divisorsearch.Dockerfile to a new dockerfile and replacing the entrypoint command with
ENTRYPOINT ["python3", "-u", "-m", "timing.ec2_timing_test"]
Then running (on a fresh EC2 instance with docker installed and the repo cloned)
docker build -t timing -f timing.Dockerfile . docker run -dit --name timing --memory="15G" --env PGHOST="$PGHOST" timing:latest docker logs -f timing
Once it finishes, I see it takes on average 40 seconds to compute the block. So any prior belief that the divisor computation might be the bottleneck are now gone.
Now let’s try the call to
db.upsert, which builds the query and sends it over the network to the database container. Testing that in isolation—by computing the block first and then timing the upsert with this commit —shows it takes about 8 seconds to update an empty database with this block.
Both of these experiments were run on EC2 in docker, so we’ve narrowed down the problem enough to say that it only happens when the system has been running for that two hour window. My best guess is something to do with having a large database, or something to do with container-to-container networking transfer rates (the docker overhead). The next step in narrowing down the problem is to set up the scenario and run performance profiling tools on the system in situ.
I spin back up an r5.large. Then I run the deploy script and wait for two hours. It started slowing down after about 1h45m of runtime. At this point I stopped the
divisorsearch container and ran the timing test container. And indeed, the upsert step has a strangely slow pattern (the numbers are in seconds):
Running sample 0 55.63926291465759 Running sample 1 61.28182792663574 Running sample 2 245.36470413208008 # 4 minutes Running sample 3 1683.663686990738 # 28 minutes
At this point I killed the timing test. The initial few writes, while not great, are not as concerning as the massive degradation in performance over four writes. At this point I’m convinced that the database is the problem. So I read a lot about Postgres performance tuning (e.g. these docs and this blog post), which I had never done before.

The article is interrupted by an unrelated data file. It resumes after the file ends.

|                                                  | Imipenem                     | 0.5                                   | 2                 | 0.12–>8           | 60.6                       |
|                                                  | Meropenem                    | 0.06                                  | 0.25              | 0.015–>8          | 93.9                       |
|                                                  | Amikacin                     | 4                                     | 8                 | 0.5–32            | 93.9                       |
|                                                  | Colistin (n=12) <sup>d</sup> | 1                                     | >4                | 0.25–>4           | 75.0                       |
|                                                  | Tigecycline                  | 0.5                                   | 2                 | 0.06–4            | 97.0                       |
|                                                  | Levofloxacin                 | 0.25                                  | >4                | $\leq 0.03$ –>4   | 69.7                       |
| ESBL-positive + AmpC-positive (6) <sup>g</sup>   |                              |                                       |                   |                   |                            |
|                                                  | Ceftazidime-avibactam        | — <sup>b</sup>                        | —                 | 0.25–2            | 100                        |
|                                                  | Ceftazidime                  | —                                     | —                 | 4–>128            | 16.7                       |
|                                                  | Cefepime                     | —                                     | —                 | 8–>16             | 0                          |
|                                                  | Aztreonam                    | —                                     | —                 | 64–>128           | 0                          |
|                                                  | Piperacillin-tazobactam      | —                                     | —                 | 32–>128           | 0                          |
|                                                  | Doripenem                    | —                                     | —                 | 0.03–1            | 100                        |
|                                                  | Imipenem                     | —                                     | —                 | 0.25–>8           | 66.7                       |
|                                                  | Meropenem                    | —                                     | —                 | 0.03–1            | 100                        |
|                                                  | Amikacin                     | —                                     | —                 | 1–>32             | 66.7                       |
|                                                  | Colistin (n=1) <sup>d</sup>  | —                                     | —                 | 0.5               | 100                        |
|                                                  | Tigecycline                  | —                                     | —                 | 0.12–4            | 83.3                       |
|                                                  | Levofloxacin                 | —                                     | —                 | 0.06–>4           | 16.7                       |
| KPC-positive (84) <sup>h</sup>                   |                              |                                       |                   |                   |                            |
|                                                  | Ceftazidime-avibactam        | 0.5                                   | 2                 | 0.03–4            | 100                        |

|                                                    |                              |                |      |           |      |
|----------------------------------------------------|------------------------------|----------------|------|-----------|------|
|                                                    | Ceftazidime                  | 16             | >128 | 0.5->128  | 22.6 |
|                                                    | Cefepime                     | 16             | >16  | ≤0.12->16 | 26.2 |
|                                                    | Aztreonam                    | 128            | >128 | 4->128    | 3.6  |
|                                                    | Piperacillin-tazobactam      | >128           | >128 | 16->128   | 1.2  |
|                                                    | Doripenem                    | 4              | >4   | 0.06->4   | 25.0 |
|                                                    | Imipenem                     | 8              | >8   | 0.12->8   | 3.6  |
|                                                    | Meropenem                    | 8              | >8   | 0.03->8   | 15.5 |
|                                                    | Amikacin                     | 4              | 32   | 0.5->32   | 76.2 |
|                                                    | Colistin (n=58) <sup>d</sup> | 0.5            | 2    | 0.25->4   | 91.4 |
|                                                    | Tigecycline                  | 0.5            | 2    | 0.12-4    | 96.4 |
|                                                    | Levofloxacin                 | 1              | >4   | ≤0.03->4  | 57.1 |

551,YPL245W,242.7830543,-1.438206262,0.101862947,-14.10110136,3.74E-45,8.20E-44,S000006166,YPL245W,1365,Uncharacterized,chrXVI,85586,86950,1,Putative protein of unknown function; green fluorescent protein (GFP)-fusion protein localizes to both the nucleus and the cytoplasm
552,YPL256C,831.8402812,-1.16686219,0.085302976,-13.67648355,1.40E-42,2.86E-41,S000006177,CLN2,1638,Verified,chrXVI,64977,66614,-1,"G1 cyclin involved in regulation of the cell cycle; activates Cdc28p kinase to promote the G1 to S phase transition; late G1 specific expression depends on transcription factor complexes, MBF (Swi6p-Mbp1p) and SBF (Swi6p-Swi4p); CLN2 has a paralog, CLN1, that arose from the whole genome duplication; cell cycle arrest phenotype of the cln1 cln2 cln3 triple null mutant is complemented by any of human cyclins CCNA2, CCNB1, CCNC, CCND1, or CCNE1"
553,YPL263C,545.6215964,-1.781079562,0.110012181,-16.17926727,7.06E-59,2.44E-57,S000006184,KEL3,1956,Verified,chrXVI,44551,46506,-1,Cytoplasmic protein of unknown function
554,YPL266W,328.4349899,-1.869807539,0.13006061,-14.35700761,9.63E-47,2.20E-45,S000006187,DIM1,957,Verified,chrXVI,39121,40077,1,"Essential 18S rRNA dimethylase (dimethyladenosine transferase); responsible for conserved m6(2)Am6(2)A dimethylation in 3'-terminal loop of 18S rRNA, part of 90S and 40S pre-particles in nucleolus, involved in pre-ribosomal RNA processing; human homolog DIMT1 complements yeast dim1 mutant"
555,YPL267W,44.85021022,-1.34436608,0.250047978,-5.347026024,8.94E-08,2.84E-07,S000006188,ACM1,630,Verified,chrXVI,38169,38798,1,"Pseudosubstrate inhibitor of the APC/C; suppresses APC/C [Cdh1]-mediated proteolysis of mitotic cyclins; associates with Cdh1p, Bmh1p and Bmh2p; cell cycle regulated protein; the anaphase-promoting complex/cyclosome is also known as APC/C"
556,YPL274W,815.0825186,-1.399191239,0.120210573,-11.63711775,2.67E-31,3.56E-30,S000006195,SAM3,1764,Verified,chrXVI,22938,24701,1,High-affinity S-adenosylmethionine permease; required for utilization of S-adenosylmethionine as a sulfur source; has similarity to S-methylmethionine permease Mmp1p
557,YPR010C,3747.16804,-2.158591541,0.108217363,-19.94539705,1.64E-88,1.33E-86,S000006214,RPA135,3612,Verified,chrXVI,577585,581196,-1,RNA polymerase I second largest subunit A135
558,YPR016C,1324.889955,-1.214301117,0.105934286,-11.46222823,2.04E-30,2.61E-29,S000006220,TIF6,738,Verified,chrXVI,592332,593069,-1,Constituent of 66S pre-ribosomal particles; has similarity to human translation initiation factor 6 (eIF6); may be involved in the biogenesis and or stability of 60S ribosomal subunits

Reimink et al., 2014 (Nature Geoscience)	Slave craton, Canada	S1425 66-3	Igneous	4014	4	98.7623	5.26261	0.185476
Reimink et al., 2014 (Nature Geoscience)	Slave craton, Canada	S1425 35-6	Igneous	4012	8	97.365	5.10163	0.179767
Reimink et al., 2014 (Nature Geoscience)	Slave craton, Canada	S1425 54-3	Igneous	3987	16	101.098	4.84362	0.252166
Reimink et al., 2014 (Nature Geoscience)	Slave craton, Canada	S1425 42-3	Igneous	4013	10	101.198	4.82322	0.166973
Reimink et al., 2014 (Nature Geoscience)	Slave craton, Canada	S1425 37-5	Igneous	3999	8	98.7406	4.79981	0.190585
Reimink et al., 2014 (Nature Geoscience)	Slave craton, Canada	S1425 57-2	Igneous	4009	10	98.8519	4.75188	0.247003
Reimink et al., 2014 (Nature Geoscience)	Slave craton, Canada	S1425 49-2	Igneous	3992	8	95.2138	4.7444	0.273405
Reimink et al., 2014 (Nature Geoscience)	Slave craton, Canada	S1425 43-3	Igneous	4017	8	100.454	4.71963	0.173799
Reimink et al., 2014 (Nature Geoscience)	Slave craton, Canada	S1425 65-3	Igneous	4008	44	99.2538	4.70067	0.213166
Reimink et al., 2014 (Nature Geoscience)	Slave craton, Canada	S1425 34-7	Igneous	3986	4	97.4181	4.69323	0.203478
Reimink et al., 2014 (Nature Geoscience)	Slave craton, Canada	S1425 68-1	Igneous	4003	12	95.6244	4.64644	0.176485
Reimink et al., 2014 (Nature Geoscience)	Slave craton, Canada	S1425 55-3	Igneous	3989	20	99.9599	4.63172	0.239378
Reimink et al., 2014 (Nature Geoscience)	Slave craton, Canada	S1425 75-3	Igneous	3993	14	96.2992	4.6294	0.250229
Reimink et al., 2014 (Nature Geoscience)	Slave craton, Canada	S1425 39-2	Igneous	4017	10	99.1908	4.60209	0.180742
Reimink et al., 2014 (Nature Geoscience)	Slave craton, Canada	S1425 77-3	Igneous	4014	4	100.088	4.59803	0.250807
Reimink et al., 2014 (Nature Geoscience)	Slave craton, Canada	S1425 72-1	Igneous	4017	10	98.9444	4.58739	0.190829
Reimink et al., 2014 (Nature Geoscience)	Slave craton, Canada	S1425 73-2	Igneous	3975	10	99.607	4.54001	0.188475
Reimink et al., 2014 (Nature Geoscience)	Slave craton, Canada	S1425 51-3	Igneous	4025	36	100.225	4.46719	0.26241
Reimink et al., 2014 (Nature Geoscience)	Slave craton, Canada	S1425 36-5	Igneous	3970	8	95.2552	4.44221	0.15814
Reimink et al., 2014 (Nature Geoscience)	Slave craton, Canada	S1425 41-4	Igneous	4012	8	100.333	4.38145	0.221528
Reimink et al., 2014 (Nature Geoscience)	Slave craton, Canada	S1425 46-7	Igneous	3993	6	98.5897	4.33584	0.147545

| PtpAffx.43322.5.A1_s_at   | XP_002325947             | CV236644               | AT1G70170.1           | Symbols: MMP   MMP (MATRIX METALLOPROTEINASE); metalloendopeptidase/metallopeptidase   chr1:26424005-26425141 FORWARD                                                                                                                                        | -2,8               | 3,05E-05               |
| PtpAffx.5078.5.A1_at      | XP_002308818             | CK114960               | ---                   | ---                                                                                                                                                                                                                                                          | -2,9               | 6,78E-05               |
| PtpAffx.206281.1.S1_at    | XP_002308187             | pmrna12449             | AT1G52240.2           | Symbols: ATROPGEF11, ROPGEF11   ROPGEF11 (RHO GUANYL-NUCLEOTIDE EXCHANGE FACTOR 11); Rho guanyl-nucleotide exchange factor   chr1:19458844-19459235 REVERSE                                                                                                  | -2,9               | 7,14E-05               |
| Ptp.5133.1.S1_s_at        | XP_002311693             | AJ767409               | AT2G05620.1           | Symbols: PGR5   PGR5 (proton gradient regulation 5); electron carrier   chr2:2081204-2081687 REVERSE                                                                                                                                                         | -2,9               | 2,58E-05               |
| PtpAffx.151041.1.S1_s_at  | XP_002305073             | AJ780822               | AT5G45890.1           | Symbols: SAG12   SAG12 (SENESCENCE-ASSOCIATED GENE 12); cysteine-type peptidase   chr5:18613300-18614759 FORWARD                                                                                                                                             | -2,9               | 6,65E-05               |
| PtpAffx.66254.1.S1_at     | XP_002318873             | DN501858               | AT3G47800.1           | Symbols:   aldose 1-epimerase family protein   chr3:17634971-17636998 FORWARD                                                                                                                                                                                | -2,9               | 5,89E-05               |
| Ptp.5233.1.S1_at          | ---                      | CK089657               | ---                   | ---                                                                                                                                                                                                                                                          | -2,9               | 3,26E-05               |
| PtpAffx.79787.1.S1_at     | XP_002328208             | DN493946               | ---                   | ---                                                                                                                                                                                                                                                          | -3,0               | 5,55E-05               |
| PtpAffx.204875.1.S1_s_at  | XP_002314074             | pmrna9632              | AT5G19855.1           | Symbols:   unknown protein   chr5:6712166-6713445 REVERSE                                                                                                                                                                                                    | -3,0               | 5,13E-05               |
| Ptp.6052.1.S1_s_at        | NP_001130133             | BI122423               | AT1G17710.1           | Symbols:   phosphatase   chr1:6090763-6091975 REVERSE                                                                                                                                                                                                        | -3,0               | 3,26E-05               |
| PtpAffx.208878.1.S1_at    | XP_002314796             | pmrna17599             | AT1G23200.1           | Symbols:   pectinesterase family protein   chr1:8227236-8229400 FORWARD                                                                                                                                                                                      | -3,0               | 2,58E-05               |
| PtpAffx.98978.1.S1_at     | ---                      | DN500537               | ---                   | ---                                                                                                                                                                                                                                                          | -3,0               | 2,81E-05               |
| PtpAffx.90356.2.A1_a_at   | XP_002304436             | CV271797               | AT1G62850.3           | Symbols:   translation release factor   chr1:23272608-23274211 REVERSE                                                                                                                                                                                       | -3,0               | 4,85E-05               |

It appears that the way Postgres inserts work is by writing to a “write cache,” and then later a background process copies the content of the write cache to disk. This makes sense because disk writes are slow. But if the write cache is full, then Postgres will wait until the write cache gets emptied before it can continue. This seems likely here: the first few writes are fast, and then when the cache fills up later writes take eons.
I also learned that the
PRIMARY KEY part of our Postgres schema incurs a penalty to write performance, because in order to enforce the uniqueness Postgres needs to maintain a data structure and update it on every write. I can imagine that, because an
mpz (unbounded integer) is our primary key, that data structure might be unprepared to handle such large keys. This might explain why these writes are taking so long in the first place, given that each write itself is relatively small (~2 MiB). In our case we can probably get by without a primary key on this table, and instead put any uniqueness constraints needed on the search metadata table.
So let’s change one of these and see if it fixes the problem. First we can drop the primary key constraint, which we can do in situ by running the query
alter table riemanndivisorsums drop constraint divisor_sum_pk;
This query takes a long time, which seems like a good sign. Perhaps it’s deleting a lot of data. Once that’s done, I removed the
ON CONFLICT clause from the upsert command (it becomes just an insert command), and then rebuild and re-run the timing container. This shows that each insert takes only 3-4 seconds, which is much more reasonable.
Running sample 0 3.8325071334838867 Running sample 1 3.7897982597351074 Running sample 2 3.7978150844573975 Running sample 3 3.810023784637451 Running sample 4 3.8057897090911865
I am still curious about the possible fix by increasing the cache size, but my guess is that without the primary key change, increasing the cache size would just delay the application from slowing instead of fixing the problem permanently, so for now I will not touch it. Perhaps a reader with more experience with Postgres tuning would know better.
Updating the application
So with this new understanding, how should we update the application? Will anything go wrong if we delete the primary key on the
As suggested by our need to remove the
ON CONFLICT clause, we might end up with duplicate rows. That is low risk, but scarier is if we stop the search mid-block and restart it, then if we’re really unlucky, we might get into a state where we skip a block and don’t notice, and that block contains the unique counterexample to the Riemann Hypothesis! We simply can’t let that happen. This is far too important. To be fair, this is a risk even before we remove the primary key. I’m just realizing it now.